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Wort Hotel - TravelStorys

Historic Downtown Jackson

Location Trip Time Travel Type
Wyoming 40 minutes

Wort Hotel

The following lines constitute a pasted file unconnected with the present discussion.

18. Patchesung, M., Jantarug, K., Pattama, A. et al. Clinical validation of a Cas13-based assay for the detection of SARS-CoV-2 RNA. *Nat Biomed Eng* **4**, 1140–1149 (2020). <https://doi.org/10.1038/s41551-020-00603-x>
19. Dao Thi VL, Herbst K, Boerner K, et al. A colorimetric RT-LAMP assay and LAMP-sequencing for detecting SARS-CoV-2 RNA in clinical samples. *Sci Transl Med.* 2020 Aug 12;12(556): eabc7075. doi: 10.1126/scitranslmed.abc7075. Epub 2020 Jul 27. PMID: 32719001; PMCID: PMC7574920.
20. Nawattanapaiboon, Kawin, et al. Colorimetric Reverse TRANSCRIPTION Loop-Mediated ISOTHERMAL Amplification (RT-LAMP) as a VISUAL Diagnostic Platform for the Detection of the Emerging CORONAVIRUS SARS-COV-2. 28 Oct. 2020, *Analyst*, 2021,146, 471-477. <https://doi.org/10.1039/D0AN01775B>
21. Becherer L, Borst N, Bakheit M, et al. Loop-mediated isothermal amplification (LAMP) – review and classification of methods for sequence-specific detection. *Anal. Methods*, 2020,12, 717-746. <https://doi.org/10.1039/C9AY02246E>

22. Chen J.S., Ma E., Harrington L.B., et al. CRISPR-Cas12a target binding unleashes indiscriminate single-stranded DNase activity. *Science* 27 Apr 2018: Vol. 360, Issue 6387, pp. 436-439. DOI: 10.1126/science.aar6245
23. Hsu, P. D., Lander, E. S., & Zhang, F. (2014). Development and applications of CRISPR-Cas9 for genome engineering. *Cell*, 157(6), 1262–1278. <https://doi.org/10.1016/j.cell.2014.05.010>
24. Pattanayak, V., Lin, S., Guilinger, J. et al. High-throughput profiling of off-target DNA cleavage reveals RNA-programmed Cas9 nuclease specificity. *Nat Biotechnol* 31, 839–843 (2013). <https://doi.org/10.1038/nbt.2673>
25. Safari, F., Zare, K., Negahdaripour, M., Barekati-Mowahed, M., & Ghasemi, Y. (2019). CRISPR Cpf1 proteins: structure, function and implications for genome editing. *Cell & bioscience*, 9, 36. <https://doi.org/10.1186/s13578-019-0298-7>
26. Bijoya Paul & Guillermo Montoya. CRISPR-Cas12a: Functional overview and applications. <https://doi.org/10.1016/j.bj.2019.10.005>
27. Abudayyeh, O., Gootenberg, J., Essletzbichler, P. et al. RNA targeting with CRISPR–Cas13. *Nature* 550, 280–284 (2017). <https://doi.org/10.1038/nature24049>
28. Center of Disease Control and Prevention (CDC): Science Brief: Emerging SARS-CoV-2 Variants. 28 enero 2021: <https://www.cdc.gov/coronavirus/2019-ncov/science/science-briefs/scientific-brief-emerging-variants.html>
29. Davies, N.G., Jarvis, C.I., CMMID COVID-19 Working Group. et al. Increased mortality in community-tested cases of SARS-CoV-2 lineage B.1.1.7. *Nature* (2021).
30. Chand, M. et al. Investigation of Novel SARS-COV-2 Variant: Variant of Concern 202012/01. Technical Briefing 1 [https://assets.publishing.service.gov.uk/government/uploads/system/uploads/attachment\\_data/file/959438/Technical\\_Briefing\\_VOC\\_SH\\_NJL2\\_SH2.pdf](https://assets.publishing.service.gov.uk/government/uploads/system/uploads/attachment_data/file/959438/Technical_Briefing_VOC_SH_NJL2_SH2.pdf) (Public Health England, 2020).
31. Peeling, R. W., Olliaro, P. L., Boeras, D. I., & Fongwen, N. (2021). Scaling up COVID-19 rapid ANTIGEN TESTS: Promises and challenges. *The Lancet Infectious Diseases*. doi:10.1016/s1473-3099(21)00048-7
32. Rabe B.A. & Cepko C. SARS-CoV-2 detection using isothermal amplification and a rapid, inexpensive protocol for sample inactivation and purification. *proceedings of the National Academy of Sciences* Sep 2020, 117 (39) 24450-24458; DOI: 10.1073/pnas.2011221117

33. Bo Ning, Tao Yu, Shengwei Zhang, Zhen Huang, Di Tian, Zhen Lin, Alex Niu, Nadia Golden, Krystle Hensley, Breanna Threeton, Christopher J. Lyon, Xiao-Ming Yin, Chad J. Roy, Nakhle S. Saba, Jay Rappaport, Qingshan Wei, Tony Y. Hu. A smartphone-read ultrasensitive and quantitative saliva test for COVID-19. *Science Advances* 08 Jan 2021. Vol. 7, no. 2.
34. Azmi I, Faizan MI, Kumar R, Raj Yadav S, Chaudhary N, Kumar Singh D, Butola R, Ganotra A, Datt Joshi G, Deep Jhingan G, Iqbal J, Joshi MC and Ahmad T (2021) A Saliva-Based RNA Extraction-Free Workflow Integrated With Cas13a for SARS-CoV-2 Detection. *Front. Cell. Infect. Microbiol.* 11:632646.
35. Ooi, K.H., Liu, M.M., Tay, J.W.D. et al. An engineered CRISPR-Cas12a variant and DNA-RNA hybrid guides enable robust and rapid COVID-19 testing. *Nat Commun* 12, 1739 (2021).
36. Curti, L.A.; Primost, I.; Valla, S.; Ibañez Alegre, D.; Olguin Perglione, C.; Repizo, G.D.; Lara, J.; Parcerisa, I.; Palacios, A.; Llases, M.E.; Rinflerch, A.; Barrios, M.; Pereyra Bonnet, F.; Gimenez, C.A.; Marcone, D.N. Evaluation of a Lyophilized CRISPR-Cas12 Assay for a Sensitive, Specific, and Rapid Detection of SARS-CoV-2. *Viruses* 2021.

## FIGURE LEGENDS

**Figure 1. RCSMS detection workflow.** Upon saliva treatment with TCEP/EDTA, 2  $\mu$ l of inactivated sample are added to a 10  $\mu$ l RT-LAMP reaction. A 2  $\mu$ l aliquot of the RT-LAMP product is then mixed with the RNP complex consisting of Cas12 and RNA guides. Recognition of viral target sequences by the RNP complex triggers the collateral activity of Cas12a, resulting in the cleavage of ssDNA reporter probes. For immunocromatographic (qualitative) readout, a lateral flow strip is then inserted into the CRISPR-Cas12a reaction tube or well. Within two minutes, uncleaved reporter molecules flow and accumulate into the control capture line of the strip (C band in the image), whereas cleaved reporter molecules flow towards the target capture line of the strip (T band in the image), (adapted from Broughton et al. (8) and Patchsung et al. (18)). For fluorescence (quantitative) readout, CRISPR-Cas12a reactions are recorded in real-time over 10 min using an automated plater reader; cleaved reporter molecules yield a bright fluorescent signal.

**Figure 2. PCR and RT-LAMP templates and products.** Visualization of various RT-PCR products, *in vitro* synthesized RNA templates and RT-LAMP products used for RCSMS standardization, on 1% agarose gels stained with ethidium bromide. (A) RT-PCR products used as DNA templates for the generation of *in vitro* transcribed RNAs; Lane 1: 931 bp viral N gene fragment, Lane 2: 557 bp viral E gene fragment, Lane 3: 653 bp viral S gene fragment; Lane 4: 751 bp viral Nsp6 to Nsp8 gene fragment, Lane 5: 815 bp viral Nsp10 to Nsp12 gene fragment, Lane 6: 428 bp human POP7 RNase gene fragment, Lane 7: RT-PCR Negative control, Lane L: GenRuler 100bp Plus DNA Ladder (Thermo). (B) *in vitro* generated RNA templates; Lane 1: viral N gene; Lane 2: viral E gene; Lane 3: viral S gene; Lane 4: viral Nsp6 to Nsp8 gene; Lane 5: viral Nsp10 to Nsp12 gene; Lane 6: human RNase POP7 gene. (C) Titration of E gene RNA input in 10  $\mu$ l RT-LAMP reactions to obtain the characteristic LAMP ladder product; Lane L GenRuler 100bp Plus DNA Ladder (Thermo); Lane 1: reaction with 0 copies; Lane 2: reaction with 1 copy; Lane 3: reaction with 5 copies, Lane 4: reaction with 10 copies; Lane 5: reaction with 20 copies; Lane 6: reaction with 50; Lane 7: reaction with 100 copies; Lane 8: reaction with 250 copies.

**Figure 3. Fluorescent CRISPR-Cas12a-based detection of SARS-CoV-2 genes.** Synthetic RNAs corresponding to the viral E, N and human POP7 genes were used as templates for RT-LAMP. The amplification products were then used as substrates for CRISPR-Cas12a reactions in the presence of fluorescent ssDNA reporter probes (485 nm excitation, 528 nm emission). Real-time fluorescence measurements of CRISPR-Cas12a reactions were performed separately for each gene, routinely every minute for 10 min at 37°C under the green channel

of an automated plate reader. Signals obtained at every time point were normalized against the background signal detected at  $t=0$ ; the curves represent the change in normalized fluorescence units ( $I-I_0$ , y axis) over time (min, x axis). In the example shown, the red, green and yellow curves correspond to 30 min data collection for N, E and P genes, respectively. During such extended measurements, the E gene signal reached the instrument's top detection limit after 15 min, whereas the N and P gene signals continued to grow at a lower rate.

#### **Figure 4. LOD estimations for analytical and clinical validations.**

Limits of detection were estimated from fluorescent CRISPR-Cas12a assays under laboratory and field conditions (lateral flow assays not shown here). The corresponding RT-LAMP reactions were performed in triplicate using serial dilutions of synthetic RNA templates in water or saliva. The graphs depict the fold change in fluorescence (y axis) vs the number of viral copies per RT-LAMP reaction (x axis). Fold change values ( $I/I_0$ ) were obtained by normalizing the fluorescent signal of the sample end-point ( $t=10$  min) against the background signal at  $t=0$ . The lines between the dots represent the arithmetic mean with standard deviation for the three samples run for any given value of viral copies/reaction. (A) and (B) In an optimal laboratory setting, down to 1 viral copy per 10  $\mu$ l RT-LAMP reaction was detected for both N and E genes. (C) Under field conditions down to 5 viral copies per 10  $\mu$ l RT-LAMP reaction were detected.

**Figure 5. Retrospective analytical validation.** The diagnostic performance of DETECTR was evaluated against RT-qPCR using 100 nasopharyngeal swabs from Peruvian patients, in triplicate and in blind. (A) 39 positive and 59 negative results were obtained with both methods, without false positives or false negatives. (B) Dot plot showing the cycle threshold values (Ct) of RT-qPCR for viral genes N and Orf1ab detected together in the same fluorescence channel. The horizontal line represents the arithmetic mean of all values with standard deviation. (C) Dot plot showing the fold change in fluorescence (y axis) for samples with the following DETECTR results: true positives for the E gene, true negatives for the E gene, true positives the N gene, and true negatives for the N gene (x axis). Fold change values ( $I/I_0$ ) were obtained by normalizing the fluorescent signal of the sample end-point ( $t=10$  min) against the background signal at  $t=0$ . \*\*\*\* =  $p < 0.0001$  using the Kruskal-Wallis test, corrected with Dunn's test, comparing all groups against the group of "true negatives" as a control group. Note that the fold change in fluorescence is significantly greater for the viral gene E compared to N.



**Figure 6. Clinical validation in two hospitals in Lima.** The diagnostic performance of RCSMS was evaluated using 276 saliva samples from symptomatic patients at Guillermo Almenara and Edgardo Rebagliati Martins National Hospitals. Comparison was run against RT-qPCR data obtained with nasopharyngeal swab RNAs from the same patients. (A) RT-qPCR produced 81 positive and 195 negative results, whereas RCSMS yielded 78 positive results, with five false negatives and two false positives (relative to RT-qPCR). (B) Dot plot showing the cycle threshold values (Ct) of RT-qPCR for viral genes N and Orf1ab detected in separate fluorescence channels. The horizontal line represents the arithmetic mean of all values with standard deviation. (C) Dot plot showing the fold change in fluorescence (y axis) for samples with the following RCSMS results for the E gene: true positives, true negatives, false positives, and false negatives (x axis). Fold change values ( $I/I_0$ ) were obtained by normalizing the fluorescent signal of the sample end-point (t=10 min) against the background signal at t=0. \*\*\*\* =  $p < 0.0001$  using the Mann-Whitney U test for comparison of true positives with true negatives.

At the corner of Broadway and Glenwood Street stands the historic Wort Hotel. In 1915 Charles Wort (pronounced wert) purchased four town lots for $25 apiece with the idea of building a luxury hotel in Jackson. He was already operating a successful boat rental business on Jenny Lake as well as a hunting and fishing camp where Signal Mountain Lodge stands today in Grand Teton National Park. Charles also ran a livery barn for horses on the property in town as well as another stable on the corner of Cache and Broadway which he later turned into a Ford automobile dealership. He died in 1933 never fulfilling his dream for the hotel, but his sons John and Jesse took up the cause and in 1941 the current Wort Hotel was completed. The style, though not western in flavor, does reflect the alpine look that the Tetons inspired. The hotel was remodeled in 1950 and the famous Silver Dollar Bar was added. The large S-curved bar was inlaid with 2,032 uncirculated 1921 Liberty silver dollars from the Federal Reserve Bank in Denver. To prevent souvenir collectors or free-drink enthusiasts from prying out the coins, the holes in the counter were drilled slightly smaller than the actual coins, the dollars chilled with dry ice, glued to the wood underneath the black formica and once returning to room temperature were virtually impossible to extract. ***** The main entrance to the lobby is on the Glenwood Street side which was originally the main street leading north out of town towards the homesteads in the valley and on to Yellowstone National Park. ***** Gambling has long been illegal in Wyoming, but during this time you could always count on finding a game in Jackson. Even judges and legislators were known to try their hand at any one of the several establishments offering a slim chance at improving your fortune. The Wort had poker, a roulette wheel, and one-arm bandits among other pleasures. When the occasional police raid might occur, word always preceded it and the equipment was moved to the basement or another motel room down the road. When Governor Millward Simpson threatened to send in the National Guard in 1956 to shut things down, the fun came to a halt. The Wort brothers sold the hotel in 1960. Today you can see the roulette wheel, photos, and other historic paraphernalia on display from those heady, bygone days when the phrase “Meet me at the Wort” was commonly heard around town as an invitation to join in a sociable get-together over drinks or a game of chance. ***** In 1980 a major fire started on the second floor causing serious damage. After the guests and staff were evacuated the next thing to be saved was the silver dollar bar. By June of the following year the renovation was complete, the silver dollar bar reinstalled, and the hotel opened again for business. When the designer and architect, Ren Grimmett, was interviewed after the fire and asked why there wasn’t more extensive damage, he shared that he had built the hotel with large wooden beams instead of steel girders for just such a possibility. If a fire started its heat might cause the steel to fail resulting in a collapse of the whole structure, whereas large wooden beams would only burn in an inch or so and continue to support the building. Apparently it worked as expected. Mr. Grimmett also designed and built The Stagecoach Inn, a twin sister of the Wort, still in operation today in West Yellowstone, Montana.

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